Scientific Program

Conference Series Ltd invites all the participants across the globe to attend 2nd International Conference on Retroviruses and Novel Drugs Cape Town, South Africa.

Day 1 :

Keynote Forum

Donatien Mavoungou

Scientific Director, CRPH, University of Health Sciences-Libreville, Africa

Keynote: ImmunorexTM at the Final Stage of Development for Commercialization as a Model of Academic CRO / Industrial Collaboration

Time : 11:00-11:40

OMICS International Retroviruses 2016 International Conference Keynote Speaker Donatien Mavoungou photo
Biography:

Donatien Mavoungou is the Director of the Research Center on Hormonal Pathologies (CRPH) Gabon, Invited Member at McGill University Aids Center (Montreal) andrnat Genomic Chair of Canada. He authored more than 150 publications. He discovered IMMUNOREXTM DM28 inhibiting HIV-1 replication. He is Professor of Biochemistryrnand Endocrinology at the University Of Health Science Libreville, Gabon. Field: HIV, Metabolic disorders, HAART, Hormonal Therapy. He received the Prize of the National Center for Scientific Research in 2009 and 2012. (Gabon). Blue Ribbon Presenter, recipient of the Glaxo Smith Klein Award at ISHIB, Orlando (USA, 2007). Member ofrnWABT Academy.

Abstract:

ImmunorexTM has a history of 40 years of studies on Monoamine oxidase (MOA) and DHEA in Cardiovascular diseases (High Blood Pressure) and in infection including HVI-1 known today to increase cardiovascular and cerebrovascular diseases via oxidative stress leading to inflammation and neuro-virulence. ImmunorexTM is an immune-regulator with the capacity to block HIV-1 replication, to restore Th1 and Th2 equilibrium improving antibodies against HIV-Tat. It can also treat and prevent co-infections such as Tuberculosis, Malaria, Hepatitis B and C. The drug is an inhibitor of NADPH, the co-factor of G6PD resulting in the restoration of endothelial function producing Nitric oxide (NO) able to suppress neuro-inflammation and to influence Na/K Pump for blood pressure regulation. We want to present here ImmunorexTM at its final stage of development for commercialization as a model of collaboration between Academic CRO and Industry for young scientists particularly in developing countries.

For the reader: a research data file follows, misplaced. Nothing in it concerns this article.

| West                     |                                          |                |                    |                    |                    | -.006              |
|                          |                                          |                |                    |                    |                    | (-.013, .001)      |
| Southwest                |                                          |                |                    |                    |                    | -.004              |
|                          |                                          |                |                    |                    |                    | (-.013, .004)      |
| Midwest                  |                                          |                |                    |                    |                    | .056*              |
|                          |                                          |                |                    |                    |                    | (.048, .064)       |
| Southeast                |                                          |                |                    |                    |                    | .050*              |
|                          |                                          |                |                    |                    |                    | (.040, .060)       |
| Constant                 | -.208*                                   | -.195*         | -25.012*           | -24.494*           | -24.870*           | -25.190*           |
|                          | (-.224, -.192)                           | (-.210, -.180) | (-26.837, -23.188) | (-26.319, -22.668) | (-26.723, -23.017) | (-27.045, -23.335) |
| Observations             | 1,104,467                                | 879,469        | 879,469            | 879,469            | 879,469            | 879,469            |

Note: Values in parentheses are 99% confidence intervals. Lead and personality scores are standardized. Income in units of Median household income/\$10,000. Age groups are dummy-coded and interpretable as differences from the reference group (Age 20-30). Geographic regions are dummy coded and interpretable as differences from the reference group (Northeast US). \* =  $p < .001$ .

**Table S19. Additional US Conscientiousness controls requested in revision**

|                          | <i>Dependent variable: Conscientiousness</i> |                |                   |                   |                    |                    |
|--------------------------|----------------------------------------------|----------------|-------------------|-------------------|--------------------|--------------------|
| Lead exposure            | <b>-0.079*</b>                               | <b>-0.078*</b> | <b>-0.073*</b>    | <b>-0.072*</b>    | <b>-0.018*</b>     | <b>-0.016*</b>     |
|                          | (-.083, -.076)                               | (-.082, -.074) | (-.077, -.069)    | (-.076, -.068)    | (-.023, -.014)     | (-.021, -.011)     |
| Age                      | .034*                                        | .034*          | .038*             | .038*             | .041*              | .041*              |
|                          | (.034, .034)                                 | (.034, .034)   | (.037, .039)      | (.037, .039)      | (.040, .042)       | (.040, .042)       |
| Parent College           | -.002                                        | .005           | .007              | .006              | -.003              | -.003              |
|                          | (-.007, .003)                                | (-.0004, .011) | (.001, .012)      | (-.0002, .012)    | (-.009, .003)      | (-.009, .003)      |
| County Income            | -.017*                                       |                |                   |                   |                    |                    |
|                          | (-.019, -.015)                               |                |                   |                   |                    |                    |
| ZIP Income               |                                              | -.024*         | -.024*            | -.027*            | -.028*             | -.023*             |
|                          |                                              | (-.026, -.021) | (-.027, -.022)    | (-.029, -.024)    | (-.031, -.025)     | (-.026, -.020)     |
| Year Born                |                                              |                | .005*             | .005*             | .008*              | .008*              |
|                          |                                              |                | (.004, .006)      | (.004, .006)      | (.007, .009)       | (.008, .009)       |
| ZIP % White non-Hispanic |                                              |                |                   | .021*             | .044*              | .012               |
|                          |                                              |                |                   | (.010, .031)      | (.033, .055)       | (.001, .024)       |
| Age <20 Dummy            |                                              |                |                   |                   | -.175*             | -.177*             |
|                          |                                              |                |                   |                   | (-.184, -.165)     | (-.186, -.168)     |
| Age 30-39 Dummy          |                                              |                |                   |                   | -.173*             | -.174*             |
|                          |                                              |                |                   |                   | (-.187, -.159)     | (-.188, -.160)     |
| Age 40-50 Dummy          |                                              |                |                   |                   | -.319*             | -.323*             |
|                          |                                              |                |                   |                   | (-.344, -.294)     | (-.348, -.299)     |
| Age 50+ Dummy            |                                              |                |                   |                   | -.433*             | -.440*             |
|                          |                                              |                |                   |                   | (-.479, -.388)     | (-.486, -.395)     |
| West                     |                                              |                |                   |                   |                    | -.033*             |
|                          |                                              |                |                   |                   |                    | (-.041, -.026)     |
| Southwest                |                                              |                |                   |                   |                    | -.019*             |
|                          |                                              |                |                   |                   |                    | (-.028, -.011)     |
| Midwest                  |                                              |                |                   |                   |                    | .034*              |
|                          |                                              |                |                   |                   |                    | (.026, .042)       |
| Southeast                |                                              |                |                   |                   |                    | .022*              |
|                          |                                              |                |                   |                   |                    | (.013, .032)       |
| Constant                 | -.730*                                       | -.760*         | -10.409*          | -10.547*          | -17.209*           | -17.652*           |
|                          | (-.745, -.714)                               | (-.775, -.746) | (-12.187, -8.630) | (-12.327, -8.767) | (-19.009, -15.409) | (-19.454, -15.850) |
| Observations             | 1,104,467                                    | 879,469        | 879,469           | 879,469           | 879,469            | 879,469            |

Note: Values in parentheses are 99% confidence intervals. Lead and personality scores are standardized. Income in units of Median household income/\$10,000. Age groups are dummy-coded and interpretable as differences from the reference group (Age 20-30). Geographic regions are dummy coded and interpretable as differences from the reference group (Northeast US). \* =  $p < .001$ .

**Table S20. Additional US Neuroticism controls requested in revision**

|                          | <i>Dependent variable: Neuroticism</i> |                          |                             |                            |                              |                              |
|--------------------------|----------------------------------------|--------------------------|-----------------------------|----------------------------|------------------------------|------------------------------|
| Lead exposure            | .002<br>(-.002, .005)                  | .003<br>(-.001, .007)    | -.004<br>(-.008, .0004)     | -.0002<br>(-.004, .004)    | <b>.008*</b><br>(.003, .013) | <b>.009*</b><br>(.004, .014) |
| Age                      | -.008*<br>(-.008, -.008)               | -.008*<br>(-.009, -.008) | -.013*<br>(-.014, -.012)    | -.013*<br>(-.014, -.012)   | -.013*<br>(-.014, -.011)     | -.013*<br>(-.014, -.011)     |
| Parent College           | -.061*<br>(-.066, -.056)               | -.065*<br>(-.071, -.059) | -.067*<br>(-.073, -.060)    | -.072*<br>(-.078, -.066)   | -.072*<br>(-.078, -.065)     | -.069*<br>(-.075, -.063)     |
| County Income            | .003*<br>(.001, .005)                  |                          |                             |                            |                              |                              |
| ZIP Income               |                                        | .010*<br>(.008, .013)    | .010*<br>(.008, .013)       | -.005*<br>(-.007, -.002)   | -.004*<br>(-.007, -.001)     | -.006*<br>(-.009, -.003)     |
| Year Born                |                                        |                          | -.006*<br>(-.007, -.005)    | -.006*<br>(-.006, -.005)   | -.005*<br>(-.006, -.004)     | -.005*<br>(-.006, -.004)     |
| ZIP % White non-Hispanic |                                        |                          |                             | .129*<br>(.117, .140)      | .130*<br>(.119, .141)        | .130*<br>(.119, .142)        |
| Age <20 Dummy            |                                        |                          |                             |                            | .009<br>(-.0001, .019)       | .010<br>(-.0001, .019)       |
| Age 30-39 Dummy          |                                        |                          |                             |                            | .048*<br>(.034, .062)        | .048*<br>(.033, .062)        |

Keynote Forum

Stephen D. Barr

Western University, Department of Microbiology and Immunology, Canada

Keynote: Evolution of 500 Million Year Old Antiviral Defense against HIV

Time : 11:40-12:20

OMICS International Retroviruses 2016 International Conference Keynote Speaker Stephen D. Barr photo
Biography:

Stephen Barr completed his PhD at the age of 28 years from the University of Calgary (Canada) and postdoctoral studies from the University of Pennsylvania (USA) andrnthe University of Alberta (Canada). He is trained as a molecular virologist with an interest in understanding the human interferon response towards viruses, particularly HIVrnand Ebola. He has established expertise in host restriction factors, retrovirus integration and virus particle production.

Abstract:

HERC5 is a key player in the human interferon response towards viruses such as HIV-1, influenza A virus and human papillomavirus. HERC5 exhibits potent anti-retroviral activity, which is mediated by two independent mechanisms. The first mechanism requires its RCC1-like domain and inhibits nuclear export of incompletely-spliced HIV-1 RNA. The second mechanism requires the HECT domain and inhibits an early stage in Gag particle assembly via the modification of Gag with the ubiquitin-like molecule ISG15. To gain a better understanding of the evolution and function of HERC5, we performed phylogenetic, structural and functional analyses of the entire small HERC family, which includes HERC3, HERC4, HERC5 and HERC6. We demonstrated that the small HERC family is an evolutionarily conserved family of proteins with an ancient marine origin of >420 million years ago. Functional analyses revealed that HERC3 and HERC4 inhibit nuclear export of incompletely-spliced HIV-1 RNA similar to HERC5. In contrast, HERC6, which is the ancestor of HERC5, failed to restrict HIV-1 particle production. Much of the genetic diversity among the mammalian small HERC family lies in the RCC1-like domain; particularly the first 100 amino acids, which are evolving under strong positive selection in HERC5 and HERC6. Structural and mutational analyses identified a key amino acid determinant of anti-HIV-1 activity in HERC6. Together, our data suggests that the HERC family of HIV-1 restriction factor proteins has an ancient marine origin and has undergone gene duplication and innovation events throughout its evolution that has provided eutherian mammals with an antiviral defence against HIV-1.